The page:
What started as nostalgia for eating one of Dad's favourite treats, fried black pudding from one of Kingstown's street merchants, I ended up paying homage to the British and Scottish side of our Caribbean culture. I had no plantains or breadfruit to complete the meal but I had rashers, blood sausage, toast, tomatoes, mushrooms, and baked beans. Blood sausages are very difficult to find in the USA. I ordered my black pudding and rashers from an Irish American grocer, Tommy Moloney's, in Woodbridge.
The kids took me out for lunch at The Dandelion in Philadelphia. It's a British-style pub we visited earlier this year for afternoon tea. I had an English Breakfast of eggs, bacon, sausage, toast, baked beans, mushrooms and black pudding. Shaan and Kiran had French Toast and pancakes.
Afterwards, I had expected to walk around Philadelphia, but it started raining heavily, so we aborted the walk and drove home.
I'm Scottish! Yes, really. As Scottish as any American who doesn't speak Scottish Gaelic has no close family in Scotland and can't tell you where Hibredres Island are.
My mother's family can trace its roots back to the coasts of Scotland and France. According to my mother, my great-grandfather Francis McLaren, from whom I received my middle name, was a bag-pipe-playing Scot who wore a kilt. I guess it's no coincidence that my mother's family settled in the hilly areas of the Grenadines. A 23andme.com DNA test shows I am 43.9% Western European — mainly British (Scottish, Irish and Welsh), French, and Iberian. Yes, my family tree twists and turns in directions that my physical appearance won't reveal.
While my grandfather's family is primarily French, my grandmother's family is Scottish with some "native" American. I feel that when US Americans think about the phrase Native American, they think only of North America, but I'm being more inclusive here. My great-grandfather married her and begat (I'm getting all biblical ) a daughter who married my grandfather. They begat my mother, who married my predominantly African father (who has a bit of Dutch ) and begat me.
But this blog post isn't about genealogy. It's about breakfast, a Full Scottish or Full English breakfast. While researching my ancestry, I learned much about Scotland, especially Scottish breakfast. I spent a bit of time with my maternal grandparents when I was a child. My grandmother always insisted on eating a hearty breakfast, perhaps because of her heritage. For my grandmother, breakfast was fried fish, fried ",fungi", fresh-baked bread with a slathering of salted butter, and a large enamel mug of hot cocoa1 or café au lait2.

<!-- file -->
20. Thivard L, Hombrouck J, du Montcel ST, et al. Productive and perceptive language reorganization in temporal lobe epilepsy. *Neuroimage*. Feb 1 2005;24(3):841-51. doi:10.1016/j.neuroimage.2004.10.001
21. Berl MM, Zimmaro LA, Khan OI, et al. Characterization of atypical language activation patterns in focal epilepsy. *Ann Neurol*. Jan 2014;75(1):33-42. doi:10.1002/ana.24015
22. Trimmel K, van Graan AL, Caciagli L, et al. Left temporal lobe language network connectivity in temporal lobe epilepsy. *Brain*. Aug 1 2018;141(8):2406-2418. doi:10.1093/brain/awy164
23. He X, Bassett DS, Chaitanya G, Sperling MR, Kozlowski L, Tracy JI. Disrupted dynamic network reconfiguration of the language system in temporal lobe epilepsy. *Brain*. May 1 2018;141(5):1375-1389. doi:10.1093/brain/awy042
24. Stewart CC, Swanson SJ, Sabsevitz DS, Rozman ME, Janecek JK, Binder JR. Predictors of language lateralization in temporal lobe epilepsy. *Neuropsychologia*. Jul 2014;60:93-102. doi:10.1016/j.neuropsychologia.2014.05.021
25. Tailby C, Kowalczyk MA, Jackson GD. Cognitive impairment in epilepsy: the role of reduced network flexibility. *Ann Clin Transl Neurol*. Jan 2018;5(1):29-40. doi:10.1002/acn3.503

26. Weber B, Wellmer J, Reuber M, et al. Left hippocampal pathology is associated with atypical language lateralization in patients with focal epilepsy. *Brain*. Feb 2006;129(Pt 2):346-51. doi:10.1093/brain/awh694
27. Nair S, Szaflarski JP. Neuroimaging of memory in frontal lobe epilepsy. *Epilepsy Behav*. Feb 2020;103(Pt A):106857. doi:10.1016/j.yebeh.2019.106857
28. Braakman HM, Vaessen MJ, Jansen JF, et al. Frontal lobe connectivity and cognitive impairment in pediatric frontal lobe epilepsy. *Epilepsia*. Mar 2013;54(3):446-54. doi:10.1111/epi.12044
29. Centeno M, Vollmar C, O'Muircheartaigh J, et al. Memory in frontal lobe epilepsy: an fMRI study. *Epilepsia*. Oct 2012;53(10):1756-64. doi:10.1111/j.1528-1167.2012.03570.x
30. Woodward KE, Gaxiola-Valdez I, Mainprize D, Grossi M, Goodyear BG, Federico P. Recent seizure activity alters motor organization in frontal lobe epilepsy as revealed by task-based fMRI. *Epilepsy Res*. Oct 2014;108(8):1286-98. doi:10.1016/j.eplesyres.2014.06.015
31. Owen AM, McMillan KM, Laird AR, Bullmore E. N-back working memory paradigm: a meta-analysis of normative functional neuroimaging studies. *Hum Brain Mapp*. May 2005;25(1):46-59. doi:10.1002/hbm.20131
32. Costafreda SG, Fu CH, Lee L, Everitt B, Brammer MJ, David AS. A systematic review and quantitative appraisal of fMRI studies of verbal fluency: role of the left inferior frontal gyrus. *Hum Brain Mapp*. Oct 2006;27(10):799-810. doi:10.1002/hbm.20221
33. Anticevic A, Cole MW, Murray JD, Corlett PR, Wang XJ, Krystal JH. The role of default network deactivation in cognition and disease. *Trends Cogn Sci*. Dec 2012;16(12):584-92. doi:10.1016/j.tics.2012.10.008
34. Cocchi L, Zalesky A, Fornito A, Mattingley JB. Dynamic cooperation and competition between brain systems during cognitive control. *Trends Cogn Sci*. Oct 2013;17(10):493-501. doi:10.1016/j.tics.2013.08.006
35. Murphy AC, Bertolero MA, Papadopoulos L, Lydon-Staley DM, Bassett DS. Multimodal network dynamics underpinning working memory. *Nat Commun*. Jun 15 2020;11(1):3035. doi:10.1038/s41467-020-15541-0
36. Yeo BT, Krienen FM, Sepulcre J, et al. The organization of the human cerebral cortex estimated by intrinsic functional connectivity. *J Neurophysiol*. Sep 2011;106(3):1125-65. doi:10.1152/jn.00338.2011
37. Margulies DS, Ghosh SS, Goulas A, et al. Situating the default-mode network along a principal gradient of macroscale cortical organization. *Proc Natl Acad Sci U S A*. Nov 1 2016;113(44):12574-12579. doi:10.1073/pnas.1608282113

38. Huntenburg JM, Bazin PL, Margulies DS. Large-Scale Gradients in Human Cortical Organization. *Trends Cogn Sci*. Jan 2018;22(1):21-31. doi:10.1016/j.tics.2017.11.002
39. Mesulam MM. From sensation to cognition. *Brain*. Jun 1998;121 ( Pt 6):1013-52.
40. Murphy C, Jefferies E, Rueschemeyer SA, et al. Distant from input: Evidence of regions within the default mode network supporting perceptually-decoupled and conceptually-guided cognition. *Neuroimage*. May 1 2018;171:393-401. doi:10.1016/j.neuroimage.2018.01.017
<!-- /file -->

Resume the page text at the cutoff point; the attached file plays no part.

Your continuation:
Sometimes we had fried black pudding. What's black pudding? The ingredients sound revolting: pigs' blood, fat, oats, barley, and spices, all stuffed in a length of intestine. The island version will have rice instead of oats and barley. I loved black pudding growing up. Sweet, crunchy and fried. Oh yeah!
Anyway, a few years ago, I felt nostalgic for the homeland and started to look for places that served black pudding. My search led me to The Blue Rooster in Cranbury, where I've had a Father's Day breakfast every year for the last three years. The Blue Rooster has a Full Irish Breakfast on the menu. Full is a word used to convey completeness, but a Full Irish Breakfast also makes the diner feel full. The Rooster's version is black pudding, white pudding, sausage ( banger in the vernacular of the UK ), tomato, baked beans, ham, toast, sautéed mushrooms, and two eggs over easy. Wow!
It's a hearty breakfast, but since I limit myself to the once-a-year trip for Father's Day, I'm not worried. Much!
According to my research a Full Scottish Breakfast is:
- Half a tomato, broiled with cheese on top
- A rasher of bacon, which in the UK is more like thinly sliced ham
- Potato, or tattie, scone (rhymes with gone)
- Link sausage or banger
- Sautéed mushrooms
- Baked beans (yes, for breakfast)
- One egg, fixed any way you like
- Black pudding (which is anything but a dark chocolate dessert)
- A bowl of porridge (oatmeal)
For lunch today3 I added some elements of a full Scottish breakfast (scones and oatmeal) to the Rooster's Full Irish Breakfast. I didn't have access to a tattie, so I settled for an American scone.
According to my research, porridge is different from the oatmeal eaten in the USA:
Scottish oatmeal is smoother than your typical Quaker Oats. Start with a pat of butter and a splash of milk, then toss in some golden currants (like raisins, but not) and a generous spoonful of light brown Demerara sugar, and you're ready to begin the day the way Scots have for centuries.
I settled for a tiny cup of Holly's Whole Grain Oatmeal from the menu. When I explained what I was trying to do to our server, she served my oatmeal with brown sugar and blueberries on the side. I added a scone and was ready for my adventure.
I took a swig from my mug of French Press coffee and dug in. Slowly but surely, I ate everything on my plate, just like my grandmother had taught me. As I said before, by "full", the Scots mean "complete," but full is what I felt when you finished the last bite of that scone. After completing the meal, I was sure I no longer wanted dinner. I wanted two Lipitor and a nap. I skipped the Lipitor4 but around 2 PM I dozed off watching the kids play on the Nintendo. I can't wait for next Father's Day.
- Not to be confused with that disgusting sweet shit Americans call hot chocolate. Yuck! ↩
- My grandmother always used hot milk and brewed her coffee on the stove. Strong stuff. ↩
- We've had some problems scheduling Father's Day breakfast this year. ↩
- I have high cholesterol but take my Lipitor in the morning with breakfast. ↩